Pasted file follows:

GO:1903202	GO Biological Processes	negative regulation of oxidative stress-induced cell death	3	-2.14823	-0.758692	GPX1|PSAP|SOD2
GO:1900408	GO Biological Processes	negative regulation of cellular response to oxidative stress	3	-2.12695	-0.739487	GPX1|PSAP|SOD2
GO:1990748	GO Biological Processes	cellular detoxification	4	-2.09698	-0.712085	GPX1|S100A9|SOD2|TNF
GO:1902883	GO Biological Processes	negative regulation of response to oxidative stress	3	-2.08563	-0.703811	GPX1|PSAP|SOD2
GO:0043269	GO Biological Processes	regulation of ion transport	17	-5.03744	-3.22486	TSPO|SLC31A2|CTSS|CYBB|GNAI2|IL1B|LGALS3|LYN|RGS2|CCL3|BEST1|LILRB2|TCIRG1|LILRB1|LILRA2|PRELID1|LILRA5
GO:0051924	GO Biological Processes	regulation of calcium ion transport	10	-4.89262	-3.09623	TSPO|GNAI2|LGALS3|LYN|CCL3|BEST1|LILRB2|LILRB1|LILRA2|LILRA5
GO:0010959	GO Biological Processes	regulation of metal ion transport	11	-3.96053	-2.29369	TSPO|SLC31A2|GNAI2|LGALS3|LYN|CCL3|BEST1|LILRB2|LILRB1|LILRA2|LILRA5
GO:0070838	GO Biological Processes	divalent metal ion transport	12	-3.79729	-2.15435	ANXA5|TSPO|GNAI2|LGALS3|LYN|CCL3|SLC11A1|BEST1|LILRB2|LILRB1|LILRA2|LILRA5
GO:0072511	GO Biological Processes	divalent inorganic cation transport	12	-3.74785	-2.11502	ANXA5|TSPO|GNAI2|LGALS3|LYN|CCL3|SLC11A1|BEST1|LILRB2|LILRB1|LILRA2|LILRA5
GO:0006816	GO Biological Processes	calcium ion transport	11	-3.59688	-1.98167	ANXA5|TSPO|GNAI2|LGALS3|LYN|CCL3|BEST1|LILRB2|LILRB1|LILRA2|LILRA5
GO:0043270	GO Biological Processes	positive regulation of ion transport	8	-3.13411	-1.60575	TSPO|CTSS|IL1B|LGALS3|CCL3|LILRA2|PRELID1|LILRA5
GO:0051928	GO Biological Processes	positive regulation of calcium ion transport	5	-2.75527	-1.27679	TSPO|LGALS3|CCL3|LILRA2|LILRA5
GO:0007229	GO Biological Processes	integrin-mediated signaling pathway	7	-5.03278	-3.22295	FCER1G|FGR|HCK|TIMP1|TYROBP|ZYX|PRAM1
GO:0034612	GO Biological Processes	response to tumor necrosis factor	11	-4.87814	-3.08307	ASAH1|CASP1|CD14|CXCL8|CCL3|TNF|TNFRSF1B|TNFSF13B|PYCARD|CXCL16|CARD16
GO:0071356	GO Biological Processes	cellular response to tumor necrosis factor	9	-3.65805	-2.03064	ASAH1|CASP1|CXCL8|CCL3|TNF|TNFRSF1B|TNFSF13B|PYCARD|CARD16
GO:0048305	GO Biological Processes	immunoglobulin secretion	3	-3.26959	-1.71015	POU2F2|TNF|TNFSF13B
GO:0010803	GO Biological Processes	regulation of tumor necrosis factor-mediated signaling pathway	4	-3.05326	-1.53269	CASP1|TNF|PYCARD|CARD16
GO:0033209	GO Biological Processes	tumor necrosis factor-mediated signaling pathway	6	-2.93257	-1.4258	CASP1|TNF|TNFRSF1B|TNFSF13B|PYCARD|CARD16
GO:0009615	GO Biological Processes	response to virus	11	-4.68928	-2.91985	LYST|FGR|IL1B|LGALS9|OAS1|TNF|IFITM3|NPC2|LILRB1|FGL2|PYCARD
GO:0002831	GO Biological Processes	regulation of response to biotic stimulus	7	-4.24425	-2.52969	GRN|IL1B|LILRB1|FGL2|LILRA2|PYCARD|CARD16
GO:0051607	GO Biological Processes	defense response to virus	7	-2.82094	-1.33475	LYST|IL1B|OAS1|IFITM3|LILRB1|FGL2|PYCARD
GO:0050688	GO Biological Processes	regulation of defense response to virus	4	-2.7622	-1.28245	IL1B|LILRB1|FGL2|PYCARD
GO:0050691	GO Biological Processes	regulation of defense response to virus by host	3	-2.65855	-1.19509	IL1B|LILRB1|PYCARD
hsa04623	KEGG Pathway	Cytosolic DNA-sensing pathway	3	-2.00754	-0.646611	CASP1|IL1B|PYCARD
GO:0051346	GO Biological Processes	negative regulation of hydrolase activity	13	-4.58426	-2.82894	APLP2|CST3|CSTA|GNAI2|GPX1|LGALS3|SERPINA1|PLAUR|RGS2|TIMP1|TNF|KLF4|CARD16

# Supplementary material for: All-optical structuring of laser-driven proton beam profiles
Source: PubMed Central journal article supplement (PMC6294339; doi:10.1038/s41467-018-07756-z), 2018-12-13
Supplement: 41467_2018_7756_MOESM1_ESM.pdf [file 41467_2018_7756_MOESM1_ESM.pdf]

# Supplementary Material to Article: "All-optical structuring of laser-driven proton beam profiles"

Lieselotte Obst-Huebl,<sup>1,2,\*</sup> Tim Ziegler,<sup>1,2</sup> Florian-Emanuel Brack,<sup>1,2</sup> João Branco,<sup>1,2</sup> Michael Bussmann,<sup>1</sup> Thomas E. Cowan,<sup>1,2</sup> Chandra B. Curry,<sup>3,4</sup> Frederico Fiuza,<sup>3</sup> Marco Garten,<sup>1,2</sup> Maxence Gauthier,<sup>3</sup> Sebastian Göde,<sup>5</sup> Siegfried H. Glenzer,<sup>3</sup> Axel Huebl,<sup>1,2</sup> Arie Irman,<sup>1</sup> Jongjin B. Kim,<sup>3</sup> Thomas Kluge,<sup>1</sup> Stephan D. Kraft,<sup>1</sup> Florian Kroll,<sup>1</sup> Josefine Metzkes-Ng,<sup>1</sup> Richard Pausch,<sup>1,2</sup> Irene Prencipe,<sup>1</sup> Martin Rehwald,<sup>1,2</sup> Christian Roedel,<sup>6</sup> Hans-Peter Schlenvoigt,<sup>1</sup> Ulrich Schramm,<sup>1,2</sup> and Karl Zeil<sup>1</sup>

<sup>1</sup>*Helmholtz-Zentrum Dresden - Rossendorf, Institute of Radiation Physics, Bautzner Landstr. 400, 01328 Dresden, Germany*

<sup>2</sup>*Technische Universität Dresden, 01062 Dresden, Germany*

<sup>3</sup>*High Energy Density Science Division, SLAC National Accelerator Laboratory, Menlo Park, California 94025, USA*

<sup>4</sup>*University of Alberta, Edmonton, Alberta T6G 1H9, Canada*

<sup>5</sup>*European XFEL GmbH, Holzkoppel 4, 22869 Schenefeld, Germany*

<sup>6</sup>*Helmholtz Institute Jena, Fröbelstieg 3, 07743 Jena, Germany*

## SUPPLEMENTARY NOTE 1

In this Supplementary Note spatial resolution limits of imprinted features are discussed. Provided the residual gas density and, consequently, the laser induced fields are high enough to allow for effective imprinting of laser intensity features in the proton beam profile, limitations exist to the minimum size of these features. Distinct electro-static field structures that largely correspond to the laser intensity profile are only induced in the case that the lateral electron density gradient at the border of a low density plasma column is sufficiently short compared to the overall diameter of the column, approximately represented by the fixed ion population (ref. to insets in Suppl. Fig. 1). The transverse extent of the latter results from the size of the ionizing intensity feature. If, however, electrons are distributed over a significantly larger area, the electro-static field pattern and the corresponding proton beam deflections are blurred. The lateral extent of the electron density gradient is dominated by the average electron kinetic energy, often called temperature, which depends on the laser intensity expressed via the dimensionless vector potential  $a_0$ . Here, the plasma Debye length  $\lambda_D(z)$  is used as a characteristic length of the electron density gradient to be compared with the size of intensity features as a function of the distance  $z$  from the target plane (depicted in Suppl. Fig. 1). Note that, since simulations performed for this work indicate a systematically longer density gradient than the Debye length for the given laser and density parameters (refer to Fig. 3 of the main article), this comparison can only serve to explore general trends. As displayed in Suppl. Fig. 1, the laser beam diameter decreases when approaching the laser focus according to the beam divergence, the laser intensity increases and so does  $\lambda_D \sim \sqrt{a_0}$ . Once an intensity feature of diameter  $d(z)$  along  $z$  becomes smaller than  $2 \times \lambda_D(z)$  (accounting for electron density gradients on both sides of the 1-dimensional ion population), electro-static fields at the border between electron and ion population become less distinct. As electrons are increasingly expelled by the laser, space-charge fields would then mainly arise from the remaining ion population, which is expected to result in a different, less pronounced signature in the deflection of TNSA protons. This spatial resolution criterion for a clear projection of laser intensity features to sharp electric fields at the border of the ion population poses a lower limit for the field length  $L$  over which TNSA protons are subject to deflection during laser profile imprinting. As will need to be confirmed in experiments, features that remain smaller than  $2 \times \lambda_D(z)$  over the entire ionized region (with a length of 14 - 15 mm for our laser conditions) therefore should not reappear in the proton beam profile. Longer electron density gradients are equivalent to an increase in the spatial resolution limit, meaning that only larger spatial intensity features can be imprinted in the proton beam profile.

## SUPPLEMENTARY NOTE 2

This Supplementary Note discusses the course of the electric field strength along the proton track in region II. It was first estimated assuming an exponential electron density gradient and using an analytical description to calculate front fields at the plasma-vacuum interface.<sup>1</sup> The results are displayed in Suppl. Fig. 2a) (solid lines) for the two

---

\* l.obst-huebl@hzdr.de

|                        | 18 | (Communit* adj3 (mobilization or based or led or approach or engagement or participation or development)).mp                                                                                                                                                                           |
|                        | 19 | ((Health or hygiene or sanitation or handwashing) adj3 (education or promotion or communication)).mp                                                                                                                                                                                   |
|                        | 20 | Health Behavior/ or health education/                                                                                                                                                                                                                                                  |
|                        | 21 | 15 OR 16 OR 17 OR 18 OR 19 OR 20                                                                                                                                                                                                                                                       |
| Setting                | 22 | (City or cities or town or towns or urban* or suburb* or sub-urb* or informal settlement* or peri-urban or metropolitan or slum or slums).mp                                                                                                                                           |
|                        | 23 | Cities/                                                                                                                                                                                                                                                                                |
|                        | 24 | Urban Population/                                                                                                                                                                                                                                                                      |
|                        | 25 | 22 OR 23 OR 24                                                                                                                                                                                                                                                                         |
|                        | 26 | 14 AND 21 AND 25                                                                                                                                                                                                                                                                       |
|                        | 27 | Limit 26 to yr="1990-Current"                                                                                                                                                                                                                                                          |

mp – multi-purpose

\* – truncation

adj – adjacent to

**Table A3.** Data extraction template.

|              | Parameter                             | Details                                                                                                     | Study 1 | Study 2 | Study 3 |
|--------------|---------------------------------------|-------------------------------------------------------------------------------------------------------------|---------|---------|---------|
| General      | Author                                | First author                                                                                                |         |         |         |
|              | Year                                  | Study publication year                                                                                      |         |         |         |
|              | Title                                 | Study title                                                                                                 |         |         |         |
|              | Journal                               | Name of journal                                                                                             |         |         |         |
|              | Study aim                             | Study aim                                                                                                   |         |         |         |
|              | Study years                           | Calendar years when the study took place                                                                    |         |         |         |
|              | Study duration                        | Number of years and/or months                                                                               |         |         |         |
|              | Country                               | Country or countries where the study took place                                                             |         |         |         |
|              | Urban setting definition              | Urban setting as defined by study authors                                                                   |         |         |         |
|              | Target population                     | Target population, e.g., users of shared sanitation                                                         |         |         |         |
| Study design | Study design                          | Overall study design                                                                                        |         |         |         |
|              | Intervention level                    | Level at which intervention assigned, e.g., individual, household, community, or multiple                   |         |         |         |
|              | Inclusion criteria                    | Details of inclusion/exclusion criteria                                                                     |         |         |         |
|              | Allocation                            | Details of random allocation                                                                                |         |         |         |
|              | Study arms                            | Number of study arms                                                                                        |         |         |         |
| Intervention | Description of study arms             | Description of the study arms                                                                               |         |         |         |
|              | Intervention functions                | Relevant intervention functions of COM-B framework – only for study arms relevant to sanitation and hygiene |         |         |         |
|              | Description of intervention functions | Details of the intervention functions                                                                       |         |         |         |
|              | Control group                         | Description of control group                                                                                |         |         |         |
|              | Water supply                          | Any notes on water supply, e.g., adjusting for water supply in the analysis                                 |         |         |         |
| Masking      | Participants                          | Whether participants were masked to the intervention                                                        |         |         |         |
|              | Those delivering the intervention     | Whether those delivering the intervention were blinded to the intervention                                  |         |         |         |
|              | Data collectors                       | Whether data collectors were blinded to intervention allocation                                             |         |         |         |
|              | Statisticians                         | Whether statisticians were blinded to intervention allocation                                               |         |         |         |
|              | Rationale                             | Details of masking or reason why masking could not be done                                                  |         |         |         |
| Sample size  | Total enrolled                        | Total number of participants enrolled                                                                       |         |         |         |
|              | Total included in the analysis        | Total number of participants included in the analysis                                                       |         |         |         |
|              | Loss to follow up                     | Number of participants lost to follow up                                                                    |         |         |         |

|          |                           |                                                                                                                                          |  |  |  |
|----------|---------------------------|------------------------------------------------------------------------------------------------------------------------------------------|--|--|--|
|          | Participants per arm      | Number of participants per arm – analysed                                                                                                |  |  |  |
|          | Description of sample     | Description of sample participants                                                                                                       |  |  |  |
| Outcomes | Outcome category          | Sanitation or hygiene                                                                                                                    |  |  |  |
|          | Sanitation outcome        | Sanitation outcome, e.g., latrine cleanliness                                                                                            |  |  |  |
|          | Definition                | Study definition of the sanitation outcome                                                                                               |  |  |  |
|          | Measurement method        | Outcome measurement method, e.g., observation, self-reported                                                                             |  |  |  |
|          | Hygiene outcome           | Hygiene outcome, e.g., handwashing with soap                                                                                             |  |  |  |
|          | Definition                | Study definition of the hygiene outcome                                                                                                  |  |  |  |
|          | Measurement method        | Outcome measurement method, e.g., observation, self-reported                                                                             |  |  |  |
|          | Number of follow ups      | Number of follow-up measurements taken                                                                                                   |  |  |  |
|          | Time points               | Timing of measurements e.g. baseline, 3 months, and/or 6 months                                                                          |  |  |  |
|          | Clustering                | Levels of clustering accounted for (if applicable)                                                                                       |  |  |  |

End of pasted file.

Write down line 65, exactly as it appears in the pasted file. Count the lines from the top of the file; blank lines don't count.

|              | Study duration                        | Number of years and/or months                                                                               |         |         |         |